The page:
Topic from May 2004

This month, the Advising Forum presents the seventeenth in a series of advising case studies.

Case study #17: You are helping a new student, who is accompanied by her parents, to plan her first schedule. Every question you ask the student is answered by her father, who is controlling and domineering. The student and her mother look at the floor throughout most of the advising session. When the student does express an interest in taking a Shakespeare course as part of her general education, her father replies angrily, “What the hell do you want to take a Shakespeare course for? You're not going to need that in business!” The student cringes, but agrees to substitute another course for the Shakespeare. The student isn't sure she wants to major in business, but the father insists you give him detailed information about being accepted into a business major. The mother looks away and sighs. What would you do in this case?

Your Responses
This won't be a detailed response because so much would depend upon specific statements and body language by all present. Here's what my strategy would be.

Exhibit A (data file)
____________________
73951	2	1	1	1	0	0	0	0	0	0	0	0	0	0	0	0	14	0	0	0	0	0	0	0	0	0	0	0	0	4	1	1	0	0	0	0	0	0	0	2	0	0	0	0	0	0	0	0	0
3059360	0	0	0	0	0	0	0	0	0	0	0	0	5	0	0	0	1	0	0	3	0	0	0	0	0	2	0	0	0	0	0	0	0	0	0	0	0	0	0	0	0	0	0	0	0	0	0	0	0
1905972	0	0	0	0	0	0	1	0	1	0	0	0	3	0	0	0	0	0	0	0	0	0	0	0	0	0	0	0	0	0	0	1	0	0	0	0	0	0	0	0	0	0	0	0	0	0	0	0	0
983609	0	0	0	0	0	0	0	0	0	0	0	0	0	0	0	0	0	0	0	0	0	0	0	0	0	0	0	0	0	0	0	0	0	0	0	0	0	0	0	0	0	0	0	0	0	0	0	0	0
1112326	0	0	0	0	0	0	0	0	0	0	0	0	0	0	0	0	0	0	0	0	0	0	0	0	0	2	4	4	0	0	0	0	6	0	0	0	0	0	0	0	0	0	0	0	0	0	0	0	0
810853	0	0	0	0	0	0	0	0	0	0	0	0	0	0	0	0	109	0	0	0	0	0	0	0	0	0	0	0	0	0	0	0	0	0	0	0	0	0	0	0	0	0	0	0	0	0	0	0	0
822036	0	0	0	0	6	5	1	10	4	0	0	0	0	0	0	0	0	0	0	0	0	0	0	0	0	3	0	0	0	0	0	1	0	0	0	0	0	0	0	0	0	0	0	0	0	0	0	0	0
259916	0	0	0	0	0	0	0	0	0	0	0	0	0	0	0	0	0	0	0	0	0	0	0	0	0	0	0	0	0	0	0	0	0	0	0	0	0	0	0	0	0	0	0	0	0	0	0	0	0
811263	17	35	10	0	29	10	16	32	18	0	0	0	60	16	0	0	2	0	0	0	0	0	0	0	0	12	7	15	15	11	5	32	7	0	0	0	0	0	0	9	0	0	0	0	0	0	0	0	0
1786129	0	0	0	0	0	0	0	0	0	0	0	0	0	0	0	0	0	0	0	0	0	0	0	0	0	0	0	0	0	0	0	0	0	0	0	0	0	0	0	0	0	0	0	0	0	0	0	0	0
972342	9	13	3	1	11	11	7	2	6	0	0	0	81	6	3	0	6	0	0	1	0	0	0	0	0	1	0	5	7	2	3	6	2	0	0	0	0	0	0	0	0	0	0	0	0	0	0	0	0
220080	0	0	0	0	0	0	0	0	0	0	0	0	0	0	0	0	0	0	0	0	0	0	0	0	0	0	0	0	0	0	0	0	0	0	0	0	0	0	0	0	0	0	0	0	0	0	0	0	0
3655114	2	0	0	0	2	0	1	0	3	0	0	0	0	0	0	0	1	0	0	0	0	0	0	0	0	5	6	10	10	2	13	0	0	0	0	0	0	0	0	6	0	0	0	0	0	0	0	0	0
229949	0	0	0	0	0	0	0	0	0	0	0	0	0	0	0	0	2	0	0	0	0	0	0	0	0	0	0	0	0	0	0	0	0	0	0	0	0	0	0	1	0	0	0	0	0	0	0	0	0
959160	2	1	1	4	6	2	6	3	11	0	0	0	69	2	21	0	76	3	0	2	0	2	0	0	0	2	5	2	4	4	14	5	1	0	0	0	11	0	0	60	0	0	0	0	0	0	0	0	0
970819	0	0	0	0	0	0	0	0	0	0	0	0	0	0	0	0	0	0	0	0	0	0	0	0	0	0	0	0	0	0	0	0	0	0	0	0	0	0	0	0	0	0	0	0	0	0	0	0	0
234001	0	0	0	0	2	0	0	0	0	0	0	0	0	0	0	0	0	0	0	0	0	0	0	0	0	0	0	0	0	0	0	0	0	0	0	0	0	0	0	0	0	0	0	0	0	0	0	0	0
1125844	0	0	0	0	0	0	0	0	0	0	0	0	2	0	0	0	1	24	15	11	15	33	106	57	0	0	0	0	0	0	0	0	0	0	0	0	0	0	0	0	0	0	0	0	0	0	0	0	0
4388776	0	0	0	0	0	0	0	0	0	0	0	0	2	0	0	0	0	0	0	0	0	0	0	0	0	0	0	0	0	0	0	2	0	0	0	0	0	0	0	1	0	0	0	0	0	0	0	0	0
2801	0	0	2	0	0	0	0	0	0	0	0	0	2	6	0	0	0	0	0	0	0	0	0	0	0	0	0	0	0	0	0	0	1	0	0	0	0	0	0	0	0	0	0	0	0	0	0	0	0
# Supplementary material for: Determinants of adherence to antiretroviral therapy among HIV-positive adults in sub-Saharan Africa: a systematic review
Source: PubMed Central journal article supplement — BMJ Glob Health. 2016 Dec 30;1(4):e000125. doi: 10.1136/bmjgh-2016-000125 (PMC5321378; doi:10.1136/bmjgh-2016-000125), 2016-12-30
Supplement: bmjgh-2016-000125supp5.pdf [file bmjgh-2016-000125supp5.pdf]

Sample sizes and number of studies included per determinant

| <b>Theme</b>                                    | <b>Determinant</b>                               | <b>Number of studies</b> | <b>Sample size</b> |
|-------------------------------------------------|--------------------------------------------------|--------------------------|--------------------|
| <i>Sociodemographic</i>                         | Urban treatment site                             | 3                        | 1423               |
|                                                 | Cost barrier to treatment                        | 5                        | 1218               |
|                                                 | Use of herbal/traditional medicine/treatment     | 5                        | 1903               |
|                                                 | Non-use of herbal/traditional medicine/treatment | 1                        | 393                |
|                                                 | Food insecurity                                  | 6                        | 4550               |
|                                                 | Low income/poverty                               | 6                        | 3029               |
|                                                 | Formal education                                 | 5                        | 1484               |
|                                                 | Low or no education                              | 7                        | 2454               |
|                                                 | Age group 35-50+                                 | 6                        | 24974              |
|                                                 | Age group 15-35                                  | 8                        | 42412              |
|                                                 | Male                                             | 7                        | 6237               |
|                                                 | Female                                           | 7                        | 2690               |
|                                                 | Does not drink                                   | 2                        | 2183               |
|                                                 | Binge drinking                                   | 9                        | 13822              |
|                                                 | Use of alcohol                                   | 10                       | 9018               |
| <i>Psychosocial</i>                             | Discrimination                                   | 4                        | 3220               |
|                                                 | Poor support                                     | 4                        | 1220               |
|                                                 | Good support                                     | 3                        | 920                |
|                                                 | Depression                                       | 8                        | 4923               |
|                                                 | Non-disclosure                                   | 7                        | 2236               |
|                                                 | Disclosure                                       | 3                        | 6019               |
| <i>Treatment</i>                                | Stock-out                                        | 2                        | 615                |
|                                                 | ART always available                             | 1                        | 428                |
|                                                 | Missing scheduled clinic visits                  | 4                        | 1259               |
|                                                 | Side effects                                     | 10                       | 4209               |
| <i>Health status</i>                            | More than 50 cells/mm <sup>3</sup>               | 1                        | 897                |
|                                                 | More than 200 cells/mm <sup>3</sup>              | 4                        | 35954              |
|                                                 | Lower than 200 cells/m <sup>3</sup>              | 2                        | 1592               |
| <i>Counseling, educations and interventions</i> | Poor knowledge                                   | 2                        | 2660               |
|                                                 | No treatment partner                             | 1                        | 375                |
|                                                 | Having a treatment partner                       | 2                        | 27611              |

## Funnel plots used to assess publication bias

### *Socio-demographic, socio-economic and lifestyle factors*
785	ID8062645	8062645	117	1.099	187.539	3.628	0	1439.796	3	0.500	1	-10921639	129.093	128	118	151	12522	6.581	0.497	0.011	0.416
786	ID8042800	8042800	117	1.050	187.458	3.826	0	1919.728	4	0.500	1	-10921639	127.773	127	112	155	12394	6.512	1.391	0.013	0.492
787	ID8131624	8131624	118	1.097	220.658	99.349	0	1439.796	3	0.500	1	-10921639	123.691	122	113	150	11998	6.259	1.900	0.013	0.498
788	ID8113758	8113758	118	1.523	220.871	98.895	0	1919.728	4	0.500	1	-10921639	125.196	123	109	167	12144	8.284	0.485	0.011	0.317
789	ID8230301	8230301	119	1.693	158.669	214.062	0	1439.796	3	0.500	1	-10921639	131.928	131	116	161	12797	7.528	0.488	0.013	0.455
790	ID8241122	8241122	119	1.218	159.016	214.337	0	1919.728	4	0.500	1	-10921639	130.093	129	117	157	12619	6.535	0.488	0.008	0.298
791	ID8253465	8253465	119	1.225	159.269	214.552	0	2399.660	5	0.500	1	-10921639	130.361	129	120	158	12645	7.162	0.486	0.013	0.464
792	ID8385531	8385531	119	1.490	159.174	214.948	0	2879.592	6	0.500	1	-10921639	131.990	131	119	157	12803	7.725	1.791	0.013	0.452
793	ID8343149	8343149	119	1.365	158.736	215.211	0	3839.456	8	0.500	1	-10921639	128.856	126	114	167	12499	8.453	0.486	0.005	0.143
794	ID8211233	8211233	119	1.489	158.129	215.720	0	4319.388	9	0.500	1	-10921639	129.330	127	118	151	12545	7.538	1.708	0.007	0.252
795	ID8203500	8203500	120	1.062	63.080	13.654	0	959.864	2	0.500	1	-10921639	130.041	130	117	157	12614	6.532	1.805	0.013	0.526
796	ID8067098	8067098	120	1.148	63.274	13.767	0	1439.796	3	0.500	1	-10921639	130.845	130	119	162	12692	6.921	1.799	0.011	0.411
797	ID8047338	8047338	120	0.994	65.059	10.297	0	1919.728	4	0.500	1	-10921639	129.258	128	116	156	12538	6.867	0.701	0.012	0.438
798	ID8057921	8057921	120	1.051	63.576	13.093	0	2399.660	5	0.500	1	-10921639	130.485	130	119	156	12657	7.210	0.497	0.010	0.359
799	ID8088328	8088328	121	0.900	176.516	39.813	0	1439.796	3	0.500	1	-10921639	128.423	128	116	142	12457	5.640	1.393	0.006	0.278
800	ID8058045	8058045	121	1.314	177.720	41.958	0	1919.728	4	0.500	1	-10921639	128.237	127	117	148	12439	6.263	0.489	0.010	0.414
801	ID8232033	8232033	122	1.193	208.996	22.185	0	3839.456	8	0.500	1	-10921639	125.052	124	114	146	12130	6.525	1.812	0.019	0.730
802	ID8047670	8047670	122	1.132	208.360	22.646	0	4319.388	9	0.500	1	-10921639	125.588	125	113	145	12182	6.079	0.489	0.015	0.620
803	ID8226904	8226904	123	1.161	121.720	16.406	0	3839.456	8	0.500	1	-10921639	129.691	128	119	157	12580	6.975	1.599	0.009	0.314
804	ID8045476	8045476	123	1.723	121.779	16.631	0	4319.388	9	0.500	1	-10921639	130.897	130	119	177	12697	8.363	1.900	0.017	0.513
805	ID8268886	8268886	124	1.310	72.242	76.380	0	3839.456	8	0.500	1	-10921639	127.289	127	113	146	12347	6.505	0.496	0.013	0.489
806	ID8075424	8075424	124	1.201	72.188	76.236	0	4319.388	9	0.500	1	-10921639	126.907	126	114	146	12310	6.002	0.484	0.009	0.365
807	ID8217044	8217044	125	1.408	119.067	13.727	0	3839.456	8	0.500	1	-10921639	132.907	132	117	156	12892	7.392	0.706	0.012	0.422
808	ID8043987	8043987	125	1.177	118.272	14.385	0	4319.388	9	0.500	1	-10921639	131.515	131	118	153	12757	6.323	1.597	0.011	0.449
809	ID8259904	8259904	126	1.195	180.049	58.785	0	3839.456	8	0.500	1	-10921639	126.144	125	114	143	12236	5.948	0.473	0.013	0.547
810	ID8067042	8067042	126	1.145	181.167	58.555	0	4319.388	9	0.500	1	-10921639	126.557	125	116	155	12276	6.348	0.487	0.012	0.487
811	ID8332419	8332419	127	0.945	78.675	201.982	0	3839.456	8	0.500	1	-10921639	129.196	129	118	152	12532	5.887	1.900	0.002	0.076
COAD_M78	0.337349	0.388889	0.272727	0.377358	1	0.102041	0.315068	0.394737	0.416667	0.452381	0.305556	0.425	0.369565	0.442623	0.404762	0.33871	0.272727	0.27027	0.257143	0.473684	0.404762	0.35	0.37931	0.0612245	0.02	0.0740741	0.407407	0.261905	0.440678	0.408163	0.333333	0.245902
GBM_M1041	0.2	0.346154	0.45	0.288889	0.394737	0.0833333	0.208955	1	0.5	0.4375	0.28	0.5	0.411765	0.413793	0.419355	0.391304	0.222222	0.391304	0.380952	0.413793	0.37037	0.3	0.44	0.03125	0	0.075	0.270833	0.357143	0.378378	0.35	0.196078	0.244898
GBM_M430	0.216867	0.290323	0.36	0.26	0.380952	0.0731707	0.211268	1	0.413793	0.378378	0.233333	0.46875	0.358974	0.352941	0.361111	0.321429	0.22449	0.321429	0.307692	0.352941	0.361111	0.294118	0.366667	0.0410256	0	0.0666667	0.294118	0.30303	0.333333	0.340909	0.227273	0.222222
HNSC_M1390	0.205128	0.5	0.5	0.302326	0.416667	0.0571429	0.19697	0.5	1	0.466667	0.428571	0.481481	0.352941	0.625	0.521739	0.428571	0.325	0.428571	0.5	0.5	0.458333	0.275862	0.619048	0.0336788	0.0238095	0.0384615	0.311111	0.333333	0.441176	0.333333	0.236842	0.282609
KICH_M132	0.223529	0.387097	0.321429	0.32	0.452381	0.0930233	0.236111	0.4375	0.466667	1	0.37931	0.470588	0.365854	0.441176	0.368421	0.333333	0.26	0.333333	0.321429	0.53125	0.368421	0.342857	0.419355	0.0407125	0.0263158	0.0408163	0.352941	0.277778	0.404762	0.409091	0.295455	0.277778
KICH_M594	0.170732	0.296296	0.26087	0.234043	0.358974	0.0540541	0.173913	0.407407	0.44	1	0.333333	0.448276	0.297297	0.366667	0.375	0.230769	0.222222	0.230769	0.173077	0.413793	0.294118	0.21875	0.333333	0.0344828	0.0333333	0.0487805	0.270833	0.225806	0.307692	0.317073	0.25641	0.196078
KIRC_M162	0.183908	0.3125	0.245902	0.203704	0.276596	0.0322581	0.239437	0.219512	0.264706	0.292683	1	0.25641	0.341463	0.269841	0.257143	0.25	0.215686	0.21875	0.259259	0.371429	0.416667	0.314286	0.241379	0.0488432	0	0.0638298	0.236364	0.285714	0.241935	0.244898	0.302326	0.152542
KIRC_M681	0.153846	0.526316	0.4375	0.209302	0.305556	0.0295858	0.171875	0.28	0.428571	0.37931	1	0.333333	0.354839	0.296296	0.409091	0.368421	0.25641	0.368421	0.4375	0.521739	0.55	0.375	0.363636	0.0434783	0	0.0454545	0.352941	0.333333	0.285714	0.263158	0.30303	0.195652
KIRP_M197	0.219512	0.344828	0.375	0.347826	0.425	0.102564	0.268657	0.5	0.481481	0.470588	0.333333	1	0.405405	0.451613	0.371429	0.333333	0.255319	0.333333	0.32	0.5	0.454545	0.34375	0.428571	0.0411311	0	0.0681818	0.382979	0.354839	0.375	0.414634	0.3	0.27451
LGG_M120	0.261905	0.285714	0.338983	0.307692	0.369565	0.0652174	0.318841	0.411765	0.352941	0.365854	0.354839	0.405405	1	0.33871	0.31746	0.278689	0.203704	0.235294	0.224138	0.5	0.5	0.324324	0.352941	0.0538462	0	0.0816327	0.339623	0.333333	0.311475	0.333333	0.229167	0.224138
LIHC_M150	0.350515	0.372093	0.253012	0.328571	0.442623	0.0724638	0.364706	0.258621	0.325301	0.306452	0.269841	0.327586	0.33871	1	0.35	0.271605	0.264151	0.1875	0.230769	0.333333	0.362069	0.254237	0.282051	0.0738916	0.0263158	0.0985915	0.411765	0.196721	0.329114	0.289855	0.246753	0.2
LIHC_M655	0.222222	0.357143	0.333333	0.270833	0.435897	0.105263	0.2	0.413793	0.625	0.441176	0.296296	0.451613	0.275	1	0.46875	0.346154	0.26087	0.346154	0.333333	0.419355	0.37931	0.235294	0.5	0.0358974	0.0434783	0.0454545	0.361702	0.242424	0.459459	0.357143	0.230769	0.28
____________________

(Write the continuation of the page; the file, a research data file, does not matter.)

I want to get Dad out of the room with a smile on his face in a reasonably short period of time. Otherwise, nothing good can happen for my student. This is certainly a family system affected by psychological abuse. There may even be physical abuse. So I would congratulate Dad on his concern for his daughter's success and the importance of understanding the college's academic options and procedures. I would also speak directly to Mom and validate her (unexpressed) concerns for her daughter. I would explain that academic advising is an ongoing conversation with many options and decision points along the way. I would give some examples. I would state that since the parents certainly won't be able to attend our advising sessions because of the vagaries of individual schedules, a part of my job which I enthusiastically embrace is to teach each student how to make decisions for herself. I always point out to parents that this is part of the education that they are paying us for. I will promise to give my student all possible printed resources so that she can take them home and consult with her parents as appropriate before she makes decisions in the future. I would provide all information requested about the business school. I would also point out that every program of study has an elective “requirement,” and that a Shakespeare course at any point in the student's studies might be a nice balance to the more specific course requirements. I would make sure that my student left with the Shakespeare information she had requested. I would make sure that Mom and Dad left with all possible information about the college's support programs for parents, and I would make a next appointment very soon for my student to attend alone so that she can begin to learn the valuable decision-making skills that are so important in the business world.